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Interim Report - Light at the End of the Tunnel? 3/13/09


Recently we have been receiving client calls fearing a complete collapse of global stock markets.  Some of our clients have reached the point of “can’t take it any longer”.  We are very sympathetic to this view, especially in light of so many areas of the economy experiencing an accelerating downward spiral.  In this interim letter to our clients we thought it would be helpful to place our current economic situation into a broader global perspective, as the media tends to emphasize current trends with little regard to contrary or balancing observations and points of view.  We therefore conclude this essay with some of our own observations which will give a degree of balance to the current admittedly glum economic picture.


It is old news that the current leg of this bear market began with a financial crisis which morphed into a global economic recession.  In the new year to date however, US stock markets have experienced further sharp declines coinciding with tax increase proposals being debated in Congress and a lack of tangible evidence that new lifelines offered to the financial sector have yet to restore investor confidence or lead to new bank lending.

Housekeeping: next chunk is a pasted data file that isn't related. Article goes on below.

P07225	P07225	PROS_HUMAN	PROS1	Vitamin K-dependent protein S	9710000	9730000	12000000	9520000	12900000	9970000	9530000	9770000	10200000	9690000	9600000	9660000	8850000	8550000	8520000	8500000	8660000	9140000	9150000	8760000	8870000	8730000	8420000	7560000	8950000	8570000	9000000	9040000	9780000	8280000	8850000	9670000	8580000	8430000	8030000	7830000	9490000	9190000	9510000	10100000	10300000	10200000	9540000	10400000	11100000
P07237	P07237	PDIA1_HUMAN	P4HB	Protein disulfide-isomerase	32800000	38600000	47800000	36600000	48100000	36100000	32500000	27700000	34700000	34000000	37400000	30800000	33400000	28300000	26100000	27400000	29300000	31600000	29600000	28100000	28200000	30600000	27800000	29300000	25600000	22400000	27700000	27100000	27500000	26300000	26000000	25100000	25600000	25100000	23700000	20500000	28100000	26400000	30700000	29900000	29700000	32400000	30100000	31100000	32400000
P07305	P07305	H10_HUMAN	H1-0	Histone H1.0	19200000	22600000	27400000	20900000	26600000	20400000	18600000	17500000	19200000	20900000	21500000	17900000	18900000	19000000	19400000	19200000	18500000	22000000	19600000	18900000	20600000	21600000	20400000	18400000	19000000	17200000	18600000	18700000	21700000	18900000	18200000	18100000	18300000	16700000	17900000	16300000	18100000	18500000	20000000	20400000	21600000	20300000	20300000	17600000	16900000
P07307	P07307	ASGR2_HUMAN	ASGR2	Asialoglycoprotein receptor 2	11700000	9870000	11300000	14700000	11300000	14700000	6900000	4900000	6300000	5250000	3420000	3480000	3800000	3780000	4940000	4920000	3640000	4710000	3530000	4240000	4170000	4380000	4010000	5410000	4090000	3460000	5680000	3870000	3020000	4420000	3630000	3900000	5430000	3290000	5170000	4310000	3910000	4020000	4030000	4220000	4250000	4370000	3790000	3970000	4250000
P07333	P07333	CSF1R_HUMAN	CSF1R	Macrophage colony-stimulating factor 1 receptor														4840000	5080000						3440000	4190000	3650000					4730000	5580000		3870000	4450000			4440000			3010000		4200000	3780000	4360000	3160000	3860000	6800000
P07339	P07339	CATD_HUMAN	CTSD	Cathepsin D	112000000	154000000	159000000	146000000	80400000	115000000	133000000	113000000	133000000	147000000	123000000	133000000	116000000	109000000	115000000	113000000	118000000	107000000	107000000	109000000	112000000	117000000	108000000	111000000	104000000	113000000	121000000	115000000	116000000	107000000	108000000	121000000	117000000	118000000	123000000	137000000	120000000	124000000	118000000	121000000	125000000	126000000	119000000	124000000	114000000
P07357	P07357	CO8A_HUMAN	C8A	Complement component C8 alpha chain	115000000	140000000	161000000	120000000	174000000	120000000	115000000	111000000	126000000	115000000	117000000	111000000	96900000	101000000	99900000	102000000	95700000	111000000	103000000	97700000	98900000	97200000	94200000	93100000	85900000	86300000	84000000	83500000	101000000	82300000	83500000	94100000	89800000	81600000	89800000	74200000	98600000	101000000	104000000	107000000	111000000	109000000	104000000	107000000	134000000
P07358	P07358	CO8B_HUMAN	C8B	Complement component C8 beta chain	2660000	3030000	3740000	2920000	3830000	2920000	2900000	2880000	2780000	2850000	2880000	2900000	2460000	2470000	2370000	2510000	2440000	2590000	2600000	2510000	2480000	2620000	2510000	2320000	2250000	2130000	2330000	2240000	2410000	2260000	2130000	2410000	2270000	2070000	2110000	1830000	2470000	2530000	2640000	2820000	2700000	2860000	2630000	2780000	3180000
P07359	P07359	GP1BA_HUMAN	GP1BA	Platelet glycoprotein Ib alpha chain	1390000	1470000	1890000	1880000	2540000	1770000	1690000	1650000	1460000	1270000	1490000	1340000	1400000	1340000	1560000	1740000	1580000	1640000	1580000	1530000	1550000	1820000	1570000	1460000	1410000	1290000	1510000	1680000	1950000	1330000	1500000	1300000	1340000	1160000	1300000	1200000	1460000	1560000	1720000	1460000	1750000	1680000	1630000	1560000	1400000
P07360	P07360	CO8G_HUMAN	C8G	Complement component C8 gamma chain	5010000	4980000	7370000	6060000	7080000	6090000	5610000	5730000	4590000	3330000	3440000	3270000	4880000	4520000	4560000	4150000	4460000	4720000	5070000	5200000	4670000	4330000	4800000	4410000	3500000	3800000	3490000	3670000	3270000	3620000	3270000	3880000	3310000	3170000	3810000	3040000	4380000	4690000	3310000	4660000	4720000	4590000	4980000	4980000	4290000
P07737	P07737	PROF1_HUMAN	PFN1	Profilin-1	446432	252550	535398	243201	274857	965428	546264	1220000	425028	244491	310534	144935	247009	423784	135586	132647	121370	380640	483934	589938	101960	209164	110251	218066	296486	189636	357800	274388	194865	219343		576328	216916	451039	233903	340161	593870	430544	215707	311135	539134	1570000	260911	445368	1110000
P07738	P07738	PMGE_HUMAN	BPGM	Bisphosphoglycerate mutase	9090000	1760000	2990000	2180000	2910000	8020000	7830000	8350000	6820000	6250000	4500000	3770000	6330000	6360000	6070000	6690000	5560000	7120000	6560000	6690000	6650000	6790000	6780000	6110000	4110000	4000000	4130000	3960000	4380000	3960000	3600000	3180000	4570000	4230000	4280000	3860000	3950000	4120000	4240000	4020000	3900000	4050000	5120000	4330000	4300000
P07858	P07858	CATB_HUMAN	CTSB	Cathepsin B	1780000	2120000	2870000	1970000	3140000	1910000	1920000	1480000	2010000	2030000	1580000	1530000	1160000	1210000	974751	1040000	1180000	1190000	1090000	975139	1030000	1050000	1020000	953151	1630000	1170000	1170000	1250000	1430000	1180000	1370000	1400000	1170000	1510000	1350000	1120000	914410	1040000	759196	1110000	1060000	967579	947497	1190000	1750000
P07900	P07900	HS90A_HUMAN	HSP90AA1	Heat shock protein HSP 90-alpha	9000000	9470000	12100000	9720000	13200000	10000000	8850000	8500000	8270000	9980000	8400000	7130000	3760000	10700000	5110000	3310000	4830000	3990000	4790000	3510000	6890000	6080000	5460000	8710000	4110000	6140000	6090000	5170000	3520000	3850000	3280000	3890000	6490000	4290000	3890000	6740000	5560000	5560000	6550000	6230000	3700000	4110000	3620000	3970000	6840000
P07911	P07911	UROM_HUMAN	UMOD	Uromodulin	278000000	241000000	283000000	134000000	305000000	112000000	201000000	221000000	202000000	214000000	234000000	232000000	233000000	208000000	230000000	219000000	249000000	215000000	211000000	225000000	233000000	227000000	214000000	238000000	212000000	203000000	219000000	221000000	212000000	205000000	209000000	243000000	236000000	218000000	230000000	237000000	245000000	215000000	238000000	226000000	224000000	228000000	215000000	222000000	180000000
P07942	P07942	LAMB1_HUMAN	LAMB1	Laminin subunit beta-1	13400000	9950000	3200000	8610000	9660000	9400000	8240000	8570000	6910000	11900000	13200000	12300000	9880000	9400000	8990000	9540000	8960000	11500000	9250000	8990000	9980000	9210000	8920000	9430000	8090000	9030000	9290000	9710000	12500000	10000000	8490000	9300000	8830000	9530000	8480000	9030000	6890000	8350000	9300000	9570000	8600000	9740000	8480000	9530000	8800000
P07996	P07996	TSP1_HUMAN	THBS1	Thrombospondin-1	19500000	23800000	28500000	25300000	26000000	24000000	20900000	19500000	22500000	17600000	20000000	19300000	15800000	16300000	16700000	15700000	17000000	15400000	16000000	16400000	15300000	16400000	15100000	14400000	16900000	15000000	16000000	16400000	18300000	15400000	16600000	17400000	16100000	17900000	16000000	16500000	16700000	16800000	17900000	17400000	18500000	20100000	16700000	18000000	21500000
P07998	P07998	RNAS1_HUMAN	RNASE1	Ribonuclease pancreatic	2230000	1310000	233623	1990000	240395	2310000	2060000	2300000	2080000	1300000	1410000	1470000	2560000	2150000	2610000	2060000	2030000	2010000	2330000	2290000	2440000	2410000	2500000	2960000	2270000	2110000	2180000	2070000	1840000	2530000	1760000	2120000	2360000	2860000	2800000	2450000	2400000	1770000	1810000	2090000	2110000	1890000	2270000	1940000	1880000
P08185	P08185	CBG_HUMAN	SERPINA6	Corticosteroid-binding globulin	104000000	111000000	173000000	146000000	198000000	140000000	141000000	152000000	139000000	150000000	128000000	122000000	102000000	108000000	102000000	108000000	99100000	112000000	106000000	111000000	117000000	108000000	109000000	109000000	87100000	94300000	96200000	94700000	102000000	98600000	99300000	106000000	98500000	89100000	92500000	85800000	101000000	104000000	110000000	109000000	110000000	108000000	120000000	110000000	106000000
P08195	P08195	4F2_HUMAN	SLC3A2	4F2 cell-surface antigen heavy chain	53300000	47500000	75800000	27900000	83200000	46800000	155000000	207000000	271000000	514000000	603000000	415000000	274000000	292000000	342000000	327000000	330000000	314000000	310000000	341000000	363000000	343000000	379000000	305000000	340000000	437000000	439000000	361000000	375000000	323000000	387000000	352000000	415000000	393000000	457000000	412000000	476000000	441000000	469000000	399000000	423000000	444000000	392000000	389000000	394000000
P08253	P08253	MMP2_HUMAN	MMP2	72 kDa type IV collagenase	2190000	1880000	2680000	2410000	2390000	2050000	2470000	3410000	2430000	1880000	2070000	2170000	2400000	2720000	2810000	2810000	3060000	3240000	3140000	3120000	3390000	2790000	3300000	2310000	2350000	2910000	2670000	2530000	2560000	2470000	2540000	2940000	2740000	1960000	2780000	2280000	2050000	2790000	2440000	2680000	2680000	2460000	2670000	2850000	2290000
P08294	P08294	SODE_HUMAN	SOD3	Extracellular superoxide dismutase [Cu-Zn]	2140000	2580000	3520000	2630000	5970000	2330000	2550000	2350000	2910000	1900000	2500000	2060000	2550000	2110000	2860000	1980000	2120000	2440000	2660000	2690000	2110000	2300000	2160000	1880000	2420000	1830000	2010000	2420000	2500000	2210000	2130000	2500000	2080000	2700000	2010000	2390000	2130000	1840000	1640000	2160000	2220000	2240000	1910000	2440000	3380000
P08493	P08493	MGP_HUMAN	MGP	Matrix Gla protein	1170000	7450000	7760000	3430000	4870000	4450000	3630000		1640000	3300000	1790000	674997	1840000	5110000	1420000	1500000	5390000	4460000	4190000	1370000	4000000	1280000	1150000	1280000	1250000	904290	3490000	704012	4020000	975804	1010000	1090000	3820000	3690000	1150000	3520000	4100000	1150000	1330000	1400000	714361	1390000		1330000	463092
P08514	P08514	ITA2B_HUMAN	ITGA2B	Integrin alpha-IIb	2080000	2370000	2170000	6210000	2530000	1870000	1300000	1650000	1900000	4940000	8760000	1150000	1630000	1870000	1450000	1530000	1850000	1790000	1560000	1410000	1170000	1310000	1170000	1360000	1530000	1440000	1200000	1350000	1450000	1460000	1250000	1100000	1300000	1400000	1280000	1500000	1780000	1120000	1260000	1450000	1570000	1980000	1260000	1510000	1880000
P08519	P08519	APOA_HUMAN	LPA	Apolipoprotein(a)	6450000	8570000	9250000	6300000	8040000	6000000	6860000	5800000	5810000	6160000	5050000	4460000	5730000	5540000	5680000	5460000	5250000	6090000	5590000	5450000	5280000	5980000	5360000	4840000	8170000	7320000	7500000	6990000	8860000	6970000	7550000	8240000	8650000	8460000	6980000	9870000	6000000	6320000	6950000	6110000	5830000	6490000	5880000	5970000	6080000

As if the generally unhealthy economic climate in developed and emerging markets around the world wasn’t enough to be concerned about, we also acknowledge that the technical condition of the US stock markets also appears quite negative at the present time. There has to date been no enthusiastic, broad-based buying exhibited by investors as markets fall to new lows.  Instead, each time the market begins to rebound, it is quickly overwhelmed by waves of new stock sales.  


Market analysts are fond of repeating the expression: “No one rings a bell when a bull or bear market ends”.  Instead, a trickle of events contrary to the prevailing trend begins to occur.  The hope, of course, in the present situation is that the trickle becomes a stream and then a river which ultimately overwhelms the economic and investment negativity we face today.  It is with this thought in mind that we present the following list of thoughts and observations for your consideration.


  • A great number of countries located around the world are preparing for hundreds of billions, if not trillions of dollars of infrastructure expenditures which will continue for many years into the future – perhaps a decade or longer.  This developing global stimulus will dwarf any stimulus package that has ever been attempted with economic consequences possibly beyond comprehension.  Commodities shortages may quickly develop, especially in light of recent suspensions of many mining ventures around the world.  Today’s commodity surpluses may quickly become tomorrow’s global shortages.  Global shipping rates will be one of the first areas to reflect these anticipated expenditures as companies lease ships to move commodities between countries. Emerging markets around the world are the source of many of the commodities which will be used to jump start the global economy.